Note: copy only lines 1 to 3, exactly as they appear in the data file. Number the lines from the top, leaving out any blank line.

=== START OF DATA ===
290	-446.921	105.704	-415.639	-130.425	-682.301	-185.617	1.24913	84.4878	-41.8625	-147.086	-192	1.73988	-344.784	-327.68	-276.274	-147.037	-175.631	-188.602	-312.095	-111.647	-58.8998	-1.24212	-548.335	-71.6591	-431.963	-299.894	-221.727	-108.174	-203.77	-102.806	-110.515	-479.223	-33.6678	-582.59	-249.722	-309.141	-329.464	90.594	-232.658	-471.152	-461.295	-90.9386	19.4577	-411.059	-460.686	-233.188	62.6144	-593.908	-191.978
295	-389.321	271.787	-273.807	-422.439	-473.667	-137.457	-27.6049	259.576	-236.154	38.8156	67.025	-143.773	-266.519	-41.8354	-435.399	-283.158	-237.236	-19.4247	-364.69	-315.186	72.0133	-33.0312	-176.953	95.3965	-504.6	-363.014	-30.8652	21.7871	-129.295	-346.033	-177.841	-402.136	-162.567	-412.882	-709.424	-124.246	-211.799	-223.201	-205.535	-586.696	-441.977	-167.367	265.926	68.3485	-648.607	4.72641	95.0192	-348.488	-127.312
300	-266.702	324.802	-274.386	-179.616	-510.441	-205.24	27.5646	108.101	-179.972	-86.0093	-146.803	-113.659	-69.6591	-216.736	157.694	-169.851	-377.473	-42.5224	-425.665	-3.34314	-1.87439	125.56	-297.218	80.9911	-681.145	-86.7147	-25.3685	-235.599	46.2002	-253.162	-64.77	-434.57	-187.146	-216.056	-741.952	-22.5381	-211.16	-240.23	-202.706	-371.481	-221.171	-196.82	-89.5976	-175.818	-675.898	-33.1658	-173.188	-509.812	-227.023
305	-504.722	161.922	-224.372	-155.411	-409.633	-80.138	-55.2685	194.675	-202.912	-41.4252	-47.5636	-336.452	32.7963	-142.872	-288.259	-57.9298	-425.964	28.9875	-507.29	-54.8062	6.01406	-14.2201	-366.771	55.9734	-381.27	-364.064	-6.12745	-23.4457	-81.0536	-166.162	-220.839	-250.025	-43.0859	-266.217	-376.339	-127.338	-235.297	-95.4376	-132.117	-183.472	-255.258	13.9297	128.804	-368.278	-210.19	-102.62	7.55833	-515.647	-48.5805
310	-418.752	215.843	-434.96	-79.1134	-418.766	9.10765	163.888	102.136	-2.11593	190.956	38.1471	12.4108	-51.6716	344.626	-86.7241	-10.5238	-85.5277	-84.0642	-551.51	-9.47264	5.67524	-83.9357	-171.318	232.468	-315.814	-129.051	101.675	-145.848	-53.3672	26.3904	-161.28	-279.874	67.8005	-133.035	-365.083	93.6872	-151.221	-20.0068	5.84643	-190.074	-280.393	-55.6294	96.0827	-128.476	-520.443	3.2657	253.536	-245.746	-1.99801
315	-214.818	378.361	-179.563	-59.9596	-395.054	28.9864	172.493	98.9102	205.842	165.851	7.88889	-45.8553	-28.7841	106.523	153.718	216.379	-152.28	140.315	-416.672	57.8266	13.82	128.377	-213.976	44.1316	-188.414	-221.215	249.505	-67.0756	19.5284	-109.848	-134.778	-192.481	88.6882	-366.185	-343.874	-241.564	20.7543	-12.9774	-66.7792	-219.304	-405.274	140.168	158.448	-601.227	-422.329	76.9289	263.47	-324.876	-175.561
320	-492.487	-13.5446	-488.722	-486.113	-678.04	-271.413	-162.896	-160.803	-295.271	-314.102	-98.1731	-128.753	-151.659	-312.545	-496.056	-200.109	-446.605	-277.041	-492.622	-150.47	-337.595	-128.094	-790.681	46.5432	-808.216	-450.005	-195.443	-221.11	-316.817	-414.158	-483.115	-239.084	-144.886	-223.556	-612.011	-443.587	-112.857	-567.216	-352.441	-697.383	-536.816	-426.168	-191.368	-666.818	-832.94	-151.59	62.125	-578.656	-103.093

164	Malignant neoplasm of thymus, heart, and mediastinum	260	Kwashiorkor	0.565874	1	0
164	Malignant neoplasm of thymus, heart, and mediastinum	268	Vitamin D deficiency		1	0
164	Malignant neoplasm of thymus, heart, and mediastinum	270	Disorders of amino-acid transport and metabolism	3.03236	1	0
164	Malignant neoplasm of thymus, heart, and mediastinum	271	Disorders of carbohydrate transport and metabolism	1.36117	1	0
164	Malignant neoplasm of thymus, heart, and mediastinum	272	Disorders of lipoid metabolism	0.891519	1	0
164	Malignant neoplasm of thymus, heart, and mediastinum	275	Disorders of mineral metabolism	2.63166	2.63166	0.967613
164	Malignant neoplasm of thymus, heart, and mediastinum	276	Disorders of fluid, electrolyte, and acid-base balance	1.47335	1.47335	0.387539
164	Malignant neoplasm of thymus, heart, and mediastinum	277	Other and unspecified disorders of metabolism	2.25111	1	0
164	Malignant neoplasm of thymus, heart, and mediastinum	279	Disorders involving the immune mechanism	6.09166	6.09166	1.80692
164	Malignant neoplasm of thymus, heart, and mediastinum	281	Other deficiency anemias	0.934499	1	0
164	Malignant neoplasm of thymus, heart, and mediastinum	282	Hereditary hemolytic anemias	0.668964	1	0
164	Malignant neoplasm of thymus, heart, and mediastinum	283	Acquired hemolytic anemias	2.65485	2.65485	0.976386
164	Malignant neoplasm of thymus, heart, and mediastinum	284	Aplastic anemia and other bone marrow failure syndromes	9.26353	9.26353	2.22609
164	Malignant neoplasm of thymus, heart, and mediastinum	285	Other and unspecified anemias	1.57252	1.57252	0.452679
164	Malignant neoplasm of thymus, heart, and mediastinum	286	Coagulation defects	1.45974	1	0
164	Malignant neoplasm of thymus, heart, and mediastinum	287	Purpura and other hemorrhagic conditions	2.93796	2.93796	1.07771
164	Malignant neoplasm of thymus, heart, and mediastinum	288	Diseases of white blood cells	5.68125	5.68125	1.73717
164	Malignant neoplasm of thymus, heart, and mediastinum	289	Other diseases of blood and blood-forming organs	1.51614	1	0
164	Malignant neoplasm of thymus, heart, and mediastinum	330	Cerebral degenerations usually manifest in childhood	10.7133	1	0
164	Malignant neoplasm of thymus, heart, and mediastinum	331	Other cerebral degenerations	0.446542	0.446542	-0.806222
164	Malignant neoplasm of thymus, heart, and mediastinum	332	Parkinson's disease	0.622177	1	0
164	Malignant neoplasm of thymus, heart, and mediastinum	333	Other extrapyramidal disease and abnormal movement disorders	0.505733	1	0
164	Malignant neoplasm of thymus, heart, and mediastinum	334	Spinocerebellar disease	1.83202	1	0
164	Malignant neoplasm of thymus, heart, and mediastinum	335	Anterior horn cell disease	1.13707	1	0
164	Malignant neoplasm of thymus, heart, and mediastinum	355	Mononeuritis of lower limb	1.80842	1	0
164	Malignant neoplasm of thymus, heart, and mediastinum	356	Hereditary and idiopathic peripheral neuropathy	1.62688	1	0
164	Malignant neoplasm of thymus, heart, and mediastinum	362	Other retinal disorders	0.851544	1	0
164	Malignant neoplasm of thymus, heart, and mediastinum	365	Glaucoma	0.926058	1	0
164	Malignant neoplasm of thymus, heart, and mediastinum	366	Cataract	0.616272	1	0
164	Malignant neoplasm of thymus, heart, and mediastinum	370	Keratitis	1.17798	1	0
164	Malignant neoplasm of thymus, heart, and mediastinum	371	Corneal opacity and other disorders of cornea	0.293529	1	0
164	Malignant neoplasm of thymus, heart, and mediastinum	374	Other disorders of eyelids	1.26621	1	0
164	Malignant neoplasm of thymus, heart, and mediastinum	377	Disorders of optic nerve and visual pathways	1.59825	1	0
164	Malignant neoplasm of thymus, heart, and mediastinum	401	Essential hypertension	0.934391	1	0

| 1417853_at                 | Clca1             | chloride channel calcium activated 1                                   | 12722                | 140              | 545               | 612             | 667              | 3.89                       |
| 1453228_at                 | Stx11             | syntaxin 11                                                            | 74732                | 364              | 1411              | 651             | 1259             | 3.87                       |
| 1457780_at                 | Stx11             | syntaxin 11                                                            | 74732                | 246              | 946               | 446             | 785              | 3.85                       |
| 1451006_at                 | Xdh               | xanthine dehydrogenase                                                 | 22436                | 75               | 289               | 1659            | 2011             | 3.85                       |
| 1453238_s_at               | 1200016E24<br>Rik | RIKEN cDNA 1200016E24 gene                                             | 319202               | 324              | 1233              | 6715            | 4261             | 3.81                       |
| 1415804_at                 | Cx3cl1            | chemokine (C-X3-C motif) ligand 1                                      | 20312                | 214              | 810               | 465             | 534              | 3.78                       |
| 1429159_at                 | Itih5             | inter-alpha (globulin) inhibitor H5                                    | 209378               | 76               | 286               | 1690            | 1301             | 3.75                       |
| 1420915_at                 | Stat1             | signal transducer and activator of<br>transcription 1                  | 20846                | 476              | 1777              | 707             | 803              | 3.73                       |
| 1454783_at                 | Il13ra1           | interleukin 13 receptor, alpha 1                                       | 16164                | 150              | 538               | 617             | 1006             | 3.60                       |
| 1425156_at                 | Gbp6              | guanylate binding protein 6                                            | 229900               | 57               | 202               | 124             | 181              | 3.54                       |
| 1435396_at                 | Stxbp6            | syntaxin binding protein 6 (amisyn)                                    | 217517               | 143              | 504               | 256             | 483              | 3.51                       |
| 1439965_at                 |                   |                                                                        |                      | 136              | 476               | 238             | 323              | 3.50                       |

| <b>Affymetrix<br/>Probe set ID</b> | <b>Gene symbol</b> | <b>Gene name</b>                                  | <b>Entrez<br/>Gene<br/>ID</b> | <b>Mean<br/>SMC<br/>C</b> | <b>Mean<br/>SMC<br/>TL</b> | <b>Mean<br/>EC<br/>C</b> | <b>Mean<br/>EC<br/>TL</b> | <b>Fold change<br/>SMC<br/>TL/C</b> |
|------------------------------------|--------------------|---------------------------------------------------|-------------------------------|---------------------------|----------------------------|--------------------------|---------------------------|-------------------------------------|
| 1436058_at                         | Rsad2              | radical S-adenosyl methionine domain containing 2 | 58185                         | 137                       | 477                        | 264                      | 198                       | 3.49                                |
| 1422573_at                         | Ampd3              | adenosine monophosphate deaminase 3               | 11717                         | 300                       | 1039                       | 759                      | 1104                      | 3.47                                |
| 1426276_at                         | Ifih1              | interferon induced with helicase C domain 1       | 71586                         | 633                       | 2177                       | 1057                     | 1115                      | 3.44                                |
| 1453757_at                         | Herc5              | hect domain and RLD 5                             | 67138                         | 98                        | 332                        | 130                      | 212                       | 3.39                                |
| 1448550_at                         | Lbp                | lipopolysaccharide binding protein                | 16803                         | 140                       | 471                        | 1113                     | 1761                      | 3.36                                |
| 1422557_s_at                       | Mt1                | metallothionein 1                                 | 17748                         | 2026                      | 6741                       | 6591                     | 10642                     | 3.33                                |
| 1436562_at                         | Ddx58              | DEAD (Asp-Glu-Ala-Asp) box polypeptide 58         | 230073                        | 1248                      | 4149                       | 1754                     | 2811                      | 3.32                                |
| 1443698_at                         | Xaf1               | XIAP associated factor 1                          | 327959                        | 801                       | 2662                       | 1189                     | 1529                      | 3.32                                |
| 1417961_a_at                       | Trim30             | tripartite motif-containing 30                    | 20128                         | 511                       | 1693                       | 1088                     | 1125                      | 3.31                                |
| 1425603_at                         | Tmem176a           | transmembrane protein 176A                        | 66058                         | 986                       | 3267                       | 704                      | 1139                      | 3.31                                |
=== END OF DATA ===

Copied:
290	-446.921	105.704	-415.639	-130.425	-682.301	-185.617	1.24913	84.4878	-41.8625	-147.086	-192	1.73988	-344.784	-327.68	-276.274	-147.037	-175.631	-188.602	-312.095	-111.647	-58.8998	-1.24212	-548.335	-71.6591	-431.963	-299.894	-221.727	-108.174	-203.77	-102.806	-110.515	-479.223	-33.6678	-582.59	-249.722	-309.141	-329.464	90.594	-232.658	-471.152	-461.295	-90.9386	19.4577	-411.059	-460.686	-233.188	62.6144	-593.908	-191.978
295	-389.321	271.787	-273.807	-422.439	-473.667	-137.457	-27.6049	259.576	-236.154	38.8156	67.025	-143.773	-266.519	-41.8354	-435.399	-283.158	-237.236	-19.4247	-364.69	-315.186	72.0133	-33.0312	-176.953	95.3965	-504.6	-363.014	-30.8652	21.7871	-129.295	-346.033	-177.841	-402.136	-162.567	-412.882	-709.424	-124.246	-211.799	-223.201	-205.535	-586.696	-441.977	-167.367	265.926	68.3485	-648.607	4.72641	95.0192	-348.488	-127.312
300	-266.702	324.802	-274.386	-179.616	-510.441	-205.24	27.5646	108.101	-179.972	-86.0093	-146.803	-113.659	-69.6591	-216.736	157.694	-169.851	-377.473	-42.5224	-425.665	-3.34314	-1.87439	125.56	-297.218	80.9911	-681.145	-86.7147	-25.3685	-235.599	46.2002	-253.162	-64.77	-434.57	-187.146	-216.056	-741.952	-22.5381	-211.16	-240.23	-202.706	-371.481	-221.171	-196.82	-89.5976	-175.818	-675.898	-33.1658	-173.188	-509.812	-227.023